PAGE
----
These are small mollusks that do not take up much space. However, don’t make the mistake of thinking they won’t affect bioload. Larger populations can have the same impact as larger fish!
Bladder Snail Care
Bladder snails are tough little critters! They don’t need much to flourish in your aquarium. For most aquarists, the goal is to eradicate these invertebrates rather than support them.
We chose to write this from a bladder snail care perspective, but this information will also work for aquarists who want to get rid of the.
Whatever your goals, understanding the basic needs of the bladder snail will allow you to achieve the desired result.
When it comes to tank size, bladder snails have no preferences. They can survive in small gallon tanks and huge ponds! Thanks to their small size, they are quite adaptable independently.
Keep in mind that every living thing you add to an aquarium will have a bioload that will affect the water conditions. Bladder snails are no different.
If you want to keep these snails for cleaning and maintenance purposes, it is best to keep them in a larger tank to lessen the influence they have.
There are no strict rules for the bladder snail. This species is super adaptable and can live in a wide range of conditions. In the wild, they can even live in sewage plants!
Generally, these snails prefer to live in warm water with little or no flow. But for the most part, they are undemanding. As a result, you can focus on the other creatures in your aquarium instead of the snails. Just adhere to the following parameters to ensure the survival of the snails.
- Water temperature: 64°F to 84°F
- pH levels: 7.0 to 8.0
- Water hardness: 12 to 18 dGH (harder water)
When hatched, bladder snails have very soft shells. Almost immediately, they will search for some calcium to harden their armor.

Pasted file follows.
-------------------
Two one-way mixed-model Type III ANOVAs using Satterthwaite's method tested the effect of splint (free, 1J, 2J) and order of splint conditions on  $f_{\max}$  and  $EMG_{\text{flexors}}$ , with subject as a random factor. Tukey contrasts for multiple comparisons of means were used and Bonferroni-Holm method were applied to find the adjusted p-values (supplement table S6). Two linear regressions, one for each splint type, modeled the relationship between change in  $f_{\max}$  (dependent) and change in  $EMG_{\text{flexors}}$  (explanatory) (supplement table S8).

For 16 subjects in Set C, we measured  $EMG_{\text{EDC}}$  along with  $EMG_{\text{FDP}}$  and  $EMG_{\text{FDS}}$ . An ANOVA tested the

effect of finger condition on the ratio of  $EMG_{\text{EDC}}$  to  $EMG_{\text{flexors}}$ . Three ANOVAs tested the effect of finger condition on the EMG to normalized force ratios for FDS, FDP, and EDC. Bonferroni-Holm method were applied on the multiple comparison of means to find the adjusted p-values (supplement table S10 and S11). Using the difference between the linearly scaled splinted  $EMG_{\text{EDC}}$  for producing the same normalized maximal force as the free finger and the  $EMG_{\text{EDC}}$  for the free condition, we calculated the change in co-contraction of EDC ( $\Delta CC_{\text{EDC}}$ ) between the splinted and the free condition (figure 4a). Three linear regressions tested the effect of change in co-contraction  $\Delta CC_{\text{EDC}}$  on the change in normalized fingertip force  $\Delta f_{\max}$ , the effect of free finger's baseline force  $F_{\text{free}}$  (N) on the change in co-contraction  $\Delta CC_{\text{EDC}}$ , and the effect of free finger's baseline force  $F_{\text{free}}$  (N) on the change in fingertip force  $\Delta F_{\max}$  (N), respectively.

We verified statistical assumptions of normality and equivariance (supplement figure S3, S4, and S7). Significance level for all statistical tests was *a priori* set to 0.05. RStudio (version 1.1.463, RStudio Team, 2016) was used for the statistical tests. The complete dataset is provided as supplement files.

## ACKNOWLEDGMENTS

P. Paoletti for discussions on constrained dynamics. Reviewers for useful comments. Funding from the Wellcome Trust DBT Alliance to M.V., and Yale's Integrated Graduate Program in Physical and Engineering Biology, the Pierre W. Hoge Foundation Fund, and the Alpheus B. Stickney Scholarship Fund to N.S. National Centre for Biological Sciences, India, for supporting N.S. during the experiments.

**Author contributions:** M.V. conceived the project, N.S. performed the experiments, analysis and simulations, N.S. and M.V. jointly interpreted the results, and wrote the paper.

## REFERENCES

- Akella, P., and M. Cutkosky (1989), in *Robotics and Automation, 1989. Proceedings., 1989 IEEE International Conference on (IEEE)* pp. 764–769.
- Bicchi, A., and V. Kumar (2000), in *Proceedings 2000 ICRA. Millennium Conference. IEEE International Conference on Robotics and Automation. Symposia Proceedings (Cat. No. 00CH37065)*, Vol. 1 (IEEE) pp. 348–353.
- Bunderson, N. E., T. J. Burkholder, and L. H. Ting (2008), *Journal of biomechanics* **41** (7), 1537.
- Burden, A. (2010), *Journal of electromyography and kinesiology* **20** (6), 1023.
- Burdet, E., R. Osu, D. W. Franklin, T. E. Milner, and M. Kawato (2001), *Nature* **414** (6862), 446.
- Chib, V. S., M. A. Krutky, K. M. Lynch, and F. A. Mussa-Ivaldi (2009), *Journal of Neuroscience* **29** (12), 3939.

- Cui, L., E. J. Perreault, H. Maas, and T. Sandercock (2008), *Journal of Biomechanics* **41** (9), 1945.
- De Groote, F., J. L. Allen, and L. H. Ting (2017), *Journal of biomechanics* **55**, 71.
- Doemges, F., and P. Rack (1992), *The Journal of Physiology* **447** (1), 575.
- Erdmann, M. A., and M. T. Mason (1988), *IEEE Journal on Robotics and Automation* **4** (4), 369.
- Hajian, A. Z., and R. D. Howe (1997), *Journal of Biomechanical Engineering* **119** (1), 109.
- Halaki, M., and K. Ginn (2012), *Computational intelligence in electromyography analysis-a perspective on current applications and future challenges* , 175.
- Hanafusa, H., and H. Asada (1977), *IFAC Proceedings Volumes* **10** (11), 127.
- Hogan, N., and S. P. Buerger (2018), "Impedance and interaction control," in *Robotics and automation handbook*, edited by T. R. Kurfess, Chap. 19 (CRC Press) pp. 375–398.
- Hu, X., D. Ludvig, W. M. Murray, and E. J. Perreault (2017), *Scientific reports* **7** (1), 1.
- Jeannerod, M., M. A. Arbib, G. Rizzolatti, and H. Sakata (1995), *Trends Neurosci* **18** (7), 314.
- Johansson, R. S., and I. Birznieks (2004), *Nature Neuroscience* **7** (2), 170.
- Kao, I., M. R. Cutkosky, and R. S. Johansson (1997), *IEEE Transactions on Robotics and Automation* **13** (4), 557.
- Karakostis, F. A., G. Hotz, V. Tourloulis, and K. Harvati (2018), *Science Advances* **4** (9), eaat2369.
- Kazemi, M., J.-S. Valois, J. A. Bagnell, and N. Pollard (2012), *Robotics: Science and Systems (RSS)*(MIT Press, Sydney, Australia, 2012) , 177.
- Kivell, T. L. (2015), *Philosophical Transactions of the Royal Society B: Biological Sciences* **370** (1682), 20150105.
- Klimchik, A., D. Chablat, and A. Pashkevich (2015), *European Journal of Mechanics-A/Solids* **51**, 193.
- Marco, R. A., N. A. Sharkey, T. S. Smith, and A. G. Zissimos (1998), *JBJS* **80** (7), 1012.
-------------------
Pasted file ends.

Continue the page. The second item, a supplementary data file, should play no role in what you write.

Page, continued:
Author’s Note: A decent amount of calcium in the water is essential for the survival of snails. Without it, this species tends to suffer from stunted growth and limited reproductive rates. You can use that fact to your advantage if you’re trying to manage a population out of control.
But if you want the snails to live healthy, consider adding some crushed eggshells or cuttlefish bones.
What to put in your tank
Again, bladder snails are not picky eaters (you’re probably noticing a pattern here).
This species is a bit unique compared to most other snails in the trade. On the one hand, they are lung snails that breathe air.
They have a unique respiratory system that allows them to float, rock, and swim in the water as they see fit. They can remove air from their respiratory system to sink to the bottom or use it to shake off unwanted parasites and insects.
You won’t see them digging in the sand like other snails. They can hide inside the decoration and be covered with a soft substrate, but they do not infiltrate the bottom of the tank. For this reason, they don’t even have a preference between sand or gravel!
The same goes for plants. They prefer to have plants to climb and hide. They also enjoy feeding on decaying plant matter. However, they do not touch healthy plants or feed on thriving vegetation.
Author’s Note: If you want the population to increase, give the snails plenty of natural food sources. That means plants that will decompose over time, driftwood to collect algae, and more. Other than that though, the decor is up to you!
Possible common diseases
Disease is not something many aquarists worry about when it comes to bladder snails.
Technically speaking, they can succumb to the same diseases as any other freshwater mollusk. The most common ailments your snails may encounter are fungal and bacterial infections. Severe cases can cause significant damage to the shell.
Even parasites are possible. However, those tend to be rare with bladder snails. As mentioned above, they can shake the worms and microorganisms off their bodies if they feel an infestation.